9/25/23, Yom Kippur: UES & SOHO repair centers are closed / Midtown will be open

Senior Citizens and Hackers

With technology rapidly emerging within the last 30 years and computers only being invented and innovated throughout the last couple decades, senior citizens of today are the least knowledgeable when it comes to technology and more at risk for the scams that have been created to steal money and even identity. Imagine having to spend your retirement on a mortgage only to lose the rest of your savings through a scheme that could have been easily avoided just by knowing what to look for.

These scammers don’t just use a computer for their theft, but through many mediums of technology, especially now that so many peole carry a computer via smartphone. Text messages and e-mails disguised as official collections letters can scare just about anyone if they believe what they’re reading. Often times there will be a phone number to call with a person waiting on the other line to fool you into thinking that you need to pay them for something you had no idea about. This type of ransomware is on the rise with the prevalence of gift cards being in abundance at just about every store from pharmacies to big box stores.

Another way of making these scams seem legitimate is by clicking a link from an e-mail, text or even a social media message, and going to a website that secretly downloads spyware or a virus to the computer accessing it. This then prompts pop-ups or messages that look like real operating system errors. Such as needing to activate Windows or getting rid of a virus by calling a number and giving a credit card number or making the victim give banking information and access to their computer through remote programs. These scammers can come from all parts of the world simply by applying for an 800 number to make it seem like they are from the same country as the victim.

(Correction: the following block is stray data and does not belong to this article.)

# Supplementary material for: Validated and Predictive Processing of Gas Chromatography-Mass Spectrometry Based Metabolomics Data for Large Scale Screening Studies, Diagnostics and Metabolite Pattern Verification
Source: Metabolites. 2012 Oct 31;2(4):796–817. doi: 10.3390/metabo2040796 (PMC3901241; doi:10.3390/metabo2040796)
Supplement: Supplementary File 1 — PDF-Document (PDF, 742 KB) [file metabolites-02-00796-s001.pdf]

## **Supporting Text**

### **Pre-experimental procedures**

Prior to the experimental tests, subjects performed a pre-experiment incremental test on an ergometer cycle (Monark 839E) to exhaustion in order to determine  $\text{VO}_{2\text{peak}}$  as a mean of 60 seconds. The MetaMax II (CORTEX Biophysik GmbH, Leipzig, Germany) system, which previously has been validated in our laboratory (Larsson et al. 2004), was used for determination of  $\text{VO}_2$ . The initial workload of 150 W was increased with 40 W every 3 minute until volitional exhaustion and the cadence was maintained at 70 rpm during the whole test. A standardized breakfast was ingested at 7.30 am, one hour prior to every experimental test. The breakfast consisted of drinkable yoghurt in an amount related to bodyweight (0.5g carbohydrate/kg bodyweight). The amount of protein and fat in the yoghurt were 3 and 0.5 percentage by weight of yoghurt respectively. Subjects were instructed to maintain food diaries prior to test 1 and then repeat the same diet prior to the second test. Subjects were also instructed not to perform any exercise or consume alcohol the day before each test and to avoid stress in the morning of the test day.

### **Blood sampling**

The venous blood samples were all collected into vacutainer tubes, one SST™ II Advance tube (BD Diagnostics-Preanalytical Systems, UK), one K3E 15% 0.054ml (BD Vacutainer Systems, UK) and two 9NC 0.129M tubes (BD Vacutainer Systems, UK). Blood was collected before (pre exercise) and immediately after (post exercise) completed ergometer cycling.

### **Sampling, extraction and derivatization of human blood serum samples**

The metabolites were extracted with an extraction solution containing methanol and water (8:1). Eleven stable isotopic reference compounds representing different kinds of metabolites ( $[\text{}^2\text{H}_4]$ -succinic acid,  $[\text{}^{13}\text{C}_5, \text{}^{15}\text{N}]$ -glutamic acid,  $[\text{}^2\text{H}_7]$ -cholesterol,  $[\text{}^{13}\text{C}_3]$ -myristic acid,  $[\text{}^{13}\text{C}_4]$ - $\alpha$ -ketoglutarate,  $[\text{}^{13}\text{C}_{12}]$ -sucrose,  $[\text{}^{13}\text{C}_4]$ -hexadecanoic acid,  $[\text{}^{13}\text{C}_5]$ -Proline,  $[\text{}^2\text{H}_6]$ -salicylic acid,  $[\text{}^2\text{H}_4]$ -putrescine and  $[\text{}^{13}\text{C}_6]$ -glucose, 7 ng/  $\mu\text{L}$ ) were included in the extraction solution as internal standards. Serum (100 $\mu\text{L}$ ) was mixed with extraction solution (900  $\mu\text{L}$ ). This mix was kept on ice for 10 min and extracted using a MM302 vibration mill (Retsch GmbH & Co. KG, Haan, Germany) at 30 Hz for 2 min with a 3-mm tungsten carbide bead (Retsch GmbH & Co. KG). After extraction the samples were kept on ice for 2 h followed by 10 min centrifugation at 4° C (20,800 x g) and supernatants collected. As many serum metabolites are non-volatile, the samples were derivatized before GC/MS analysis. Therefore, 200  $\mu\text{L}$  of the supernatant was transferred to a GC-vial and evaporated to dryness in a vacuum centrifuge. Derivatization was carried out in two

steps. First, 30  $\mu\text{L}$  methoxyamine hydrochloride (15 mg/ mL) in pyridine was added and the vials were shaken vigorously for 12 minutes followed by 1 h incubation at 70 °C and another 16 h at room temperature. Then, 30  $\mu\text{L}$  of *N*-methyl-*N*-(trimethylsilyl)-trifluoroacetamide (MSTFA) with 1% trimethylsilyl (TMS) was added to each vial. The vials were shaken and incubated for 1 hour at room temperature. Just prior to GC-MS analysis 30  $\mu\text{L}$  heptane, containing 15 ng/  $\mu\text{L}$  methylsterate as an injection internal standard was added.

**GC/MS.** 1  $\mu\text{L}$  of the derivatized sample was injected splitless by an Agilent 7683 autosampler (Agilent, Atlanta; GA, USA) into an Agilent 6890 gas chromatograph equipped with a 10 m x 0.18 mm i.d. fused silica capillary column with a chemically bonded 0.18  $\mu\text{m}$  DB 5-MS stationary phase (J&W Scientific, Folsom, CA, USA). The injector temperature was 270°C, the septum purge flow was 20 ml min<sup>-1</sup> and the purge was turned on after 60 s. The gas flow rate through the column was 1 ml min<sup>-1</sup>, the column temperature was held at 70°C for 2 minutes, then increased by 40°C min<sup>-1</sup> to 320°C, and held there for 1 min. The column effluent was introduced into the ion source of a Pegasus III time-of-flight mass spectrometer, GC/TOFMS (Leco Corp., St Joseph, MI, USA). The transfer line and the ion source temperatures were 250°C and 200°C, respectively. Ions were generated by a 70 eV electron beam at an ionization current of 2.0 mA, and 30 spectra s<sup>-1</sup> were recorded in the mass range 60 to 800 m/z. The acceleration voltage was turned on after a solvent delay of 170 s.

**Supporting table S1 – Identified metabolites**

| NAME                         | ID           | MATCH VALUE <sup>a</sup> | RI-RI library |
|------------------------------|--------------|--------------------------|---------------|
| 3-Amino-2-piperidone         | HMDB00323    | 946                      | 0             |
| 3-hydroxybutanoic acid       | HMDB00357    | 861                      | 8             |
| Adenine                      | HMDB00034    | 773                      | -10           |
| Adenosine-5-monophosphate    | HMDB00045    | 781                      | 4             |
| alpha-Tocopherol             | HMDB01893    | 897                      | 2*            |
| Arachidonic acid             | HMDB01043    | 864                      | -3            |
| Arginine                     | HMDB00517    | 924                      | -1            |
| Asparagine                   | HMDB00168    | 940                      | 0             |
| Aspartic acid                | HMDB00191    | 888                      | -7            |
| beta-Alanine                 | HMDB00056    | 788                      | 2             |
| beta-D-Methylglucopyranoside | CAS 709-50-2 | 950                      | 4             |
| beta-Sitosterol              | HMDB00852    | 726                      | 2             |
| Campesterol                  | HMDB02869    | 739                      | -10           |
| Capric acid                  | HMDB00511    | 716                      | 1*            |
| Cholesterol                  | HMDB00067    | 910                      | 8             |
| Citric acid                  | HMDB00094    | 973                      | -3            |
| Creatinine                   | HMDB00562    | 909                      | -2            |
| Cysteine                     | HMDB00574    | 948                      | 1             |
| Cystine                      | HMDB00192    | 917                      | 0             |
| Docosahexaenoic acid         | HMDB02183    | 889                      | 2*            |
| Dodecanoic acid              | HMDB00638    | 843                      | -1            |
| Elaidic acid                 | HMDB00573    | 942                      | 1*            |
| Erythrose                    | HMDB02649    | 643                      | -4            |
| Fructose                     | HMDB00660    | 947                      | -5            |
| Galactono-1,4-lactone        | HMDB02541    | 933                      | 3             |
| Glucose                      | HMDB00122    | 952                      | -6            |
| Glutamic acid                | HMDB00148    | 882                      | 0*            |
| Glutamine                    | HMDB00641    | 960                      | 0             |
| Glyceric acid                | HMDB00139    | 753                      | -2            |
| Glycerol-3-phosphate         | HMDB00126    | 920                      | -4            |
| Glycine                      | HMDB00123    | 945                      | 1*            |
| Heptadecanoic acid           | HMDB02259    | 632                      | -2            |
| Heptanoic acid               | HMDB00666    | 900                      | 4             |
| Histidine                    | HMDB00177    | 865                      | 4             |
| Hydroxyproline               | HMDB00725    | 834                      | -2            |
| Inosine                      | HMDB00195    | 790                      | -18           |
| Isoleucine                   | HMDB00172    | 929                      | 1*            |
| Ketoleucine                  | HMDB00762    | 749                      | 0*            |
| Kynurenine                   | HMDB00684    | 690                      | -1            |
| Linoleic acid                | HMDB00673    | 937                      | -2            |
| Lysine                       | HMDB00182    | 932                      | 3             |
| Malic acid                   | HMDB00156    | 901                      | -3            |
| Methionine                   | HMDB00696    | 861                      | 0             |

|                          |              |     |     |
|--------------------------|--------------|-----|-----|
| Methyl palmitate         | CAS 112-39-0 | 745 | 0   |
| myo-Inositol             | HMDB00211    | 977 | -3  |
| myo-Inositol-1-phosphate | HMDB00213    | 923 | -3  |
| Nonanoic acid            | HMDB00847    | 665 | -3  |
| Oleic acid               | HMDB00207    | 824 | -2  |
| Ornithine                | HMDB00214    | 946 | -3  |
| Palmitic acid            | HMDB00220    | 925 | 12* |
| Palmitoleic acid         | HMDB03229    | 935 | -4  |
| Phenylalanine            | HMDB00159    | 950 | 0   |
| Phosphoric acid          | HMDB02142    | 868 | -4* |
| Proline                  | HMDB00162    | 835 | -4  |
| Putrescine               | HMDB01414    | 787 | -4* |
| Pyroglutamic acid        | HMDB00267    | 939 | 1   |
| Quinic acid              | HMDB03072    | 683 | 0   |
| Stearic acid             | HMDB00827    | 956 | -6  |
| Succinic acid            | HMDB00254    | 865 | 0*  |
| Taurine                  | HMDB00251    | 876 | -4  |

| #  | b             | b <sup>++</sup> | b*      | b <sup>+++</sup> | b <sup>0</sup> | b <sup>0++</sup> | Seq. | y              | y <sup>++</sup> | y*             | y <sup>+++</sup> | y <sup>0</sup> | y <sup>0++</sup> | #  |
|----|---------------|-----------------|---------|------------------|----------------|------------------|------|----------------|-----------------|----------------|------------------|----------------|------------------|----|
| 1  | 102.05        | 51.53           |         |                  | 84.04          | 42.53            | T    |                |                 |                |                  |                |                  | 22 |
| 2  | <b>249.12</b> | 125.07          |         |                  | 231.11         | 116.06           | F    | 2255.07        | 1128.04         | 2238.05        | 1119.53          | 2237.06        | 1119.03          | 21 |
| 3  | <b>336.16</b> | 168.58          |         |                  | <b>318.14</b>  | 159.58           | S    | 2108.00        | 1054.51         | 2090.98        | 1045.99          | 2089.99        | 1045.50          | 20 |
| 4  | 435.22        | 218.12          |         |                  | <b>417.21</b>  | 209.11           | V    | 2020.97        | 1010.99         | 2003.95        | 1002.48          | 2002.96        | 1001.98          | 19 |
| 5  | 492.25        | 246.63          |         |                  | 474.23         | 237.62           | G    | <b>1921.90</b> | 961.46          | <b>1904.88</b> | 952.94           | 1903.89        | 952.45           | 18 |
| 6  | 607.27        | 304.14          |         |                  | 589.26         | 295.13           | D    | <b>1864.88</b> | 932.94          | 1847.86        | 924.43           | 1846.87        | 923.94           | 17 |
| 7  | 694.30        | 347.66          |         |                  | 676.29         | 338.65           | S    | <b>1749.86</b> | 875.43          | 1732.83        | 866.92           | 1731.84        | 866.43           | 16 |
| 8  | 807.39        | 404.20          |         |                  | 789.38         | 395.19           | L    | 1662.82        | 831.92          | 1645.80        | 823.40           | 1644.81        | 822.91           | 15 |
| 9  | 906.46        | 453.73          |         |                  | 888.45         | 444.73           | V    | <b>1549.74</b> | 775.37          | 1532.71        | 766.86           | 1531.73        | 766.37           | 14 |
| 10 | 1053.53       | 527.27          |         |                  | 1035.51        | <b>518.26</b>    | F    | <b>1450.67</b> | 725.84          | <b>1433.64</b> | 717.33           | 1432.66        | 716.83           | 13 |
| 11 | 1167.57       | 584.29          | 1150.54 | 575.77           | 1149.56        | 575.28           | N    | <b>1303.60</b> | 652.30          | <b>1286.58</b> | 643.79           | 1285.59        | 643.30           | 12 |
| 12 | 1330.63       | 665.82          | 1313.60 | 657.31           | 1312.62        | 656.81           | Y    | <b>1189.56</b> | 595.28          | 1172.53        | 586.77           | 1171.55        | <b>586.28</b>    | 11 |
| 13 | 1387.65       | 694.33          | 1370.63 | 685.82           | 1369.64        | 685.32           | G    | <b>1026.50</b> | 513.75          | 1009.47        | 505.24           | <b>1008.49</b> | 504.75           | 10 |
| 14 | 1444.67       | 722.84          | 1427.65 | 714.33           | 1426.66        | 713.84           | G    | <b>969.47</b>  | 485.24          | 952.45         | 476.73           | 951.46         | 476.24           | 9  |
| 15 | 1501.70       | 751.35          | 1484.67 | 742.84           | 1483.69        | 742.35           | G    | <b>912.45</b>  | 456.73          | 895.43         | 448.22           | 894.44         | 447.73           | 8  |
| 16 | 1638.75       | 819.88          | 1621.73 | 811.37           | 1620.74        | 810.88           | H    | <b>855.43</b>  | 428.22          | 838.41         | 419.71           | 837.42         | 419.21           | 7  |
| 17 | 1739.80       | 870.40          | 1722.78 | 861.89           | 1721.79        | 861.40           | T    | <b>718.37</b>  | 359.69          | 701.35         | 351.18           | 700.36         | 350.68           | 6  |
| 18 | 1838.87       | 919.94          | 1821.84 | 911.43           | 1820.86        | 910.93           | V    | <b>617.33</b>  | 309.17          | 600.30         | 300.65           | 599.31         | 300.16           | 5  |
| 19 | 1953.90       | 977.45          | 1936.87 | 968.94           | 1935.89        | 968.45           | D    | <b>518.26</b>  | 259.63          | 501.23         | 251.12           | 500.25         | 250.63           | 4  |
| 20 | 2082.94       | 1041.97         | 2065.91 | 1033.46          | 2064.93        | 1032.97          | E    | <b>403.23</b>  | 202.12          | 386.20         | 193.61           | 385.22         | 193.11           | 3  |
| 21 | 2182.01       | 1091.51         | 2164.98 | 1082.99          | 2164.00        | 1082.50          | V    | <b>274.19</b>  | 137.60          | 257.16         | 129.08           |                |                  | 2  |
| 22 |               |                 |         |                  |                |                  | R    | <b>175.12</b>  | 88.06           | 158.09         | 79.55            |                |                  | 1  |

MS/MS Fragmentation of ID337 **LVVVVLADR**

How Do I Prevent These Scams?

Anyone can fall for these scams to be honest, but senior citizens are the most prone to scams and hackers simply because they are the most gullible into believing the pop-ups and responding to it right away without questioning the validity of these messages and e-mails. Some of the best ways of prevention is as easy as not clicking on pop-ups and opening e-mails from senders you don’t know. Having an anti-virus program or even ones that come with the operating system can prompt you if the virus really is something to be concerned about. Phone numbers, especially 800 numbers, can be checked through a search engine before calling the number to be fooled by someone on another side of the world. Looking at the URL on a link before clicking can also validate if it’s a real link or not because most odd looking addresses usually lead to a fake site that might trigger an unwanted download.

Staying safe in today’s world full of technology can be difficult as it is always expanding and getting more advanced more rapidly. Having a sense of doubt can be a good thing when it comes to preventing yourself from being hacked.

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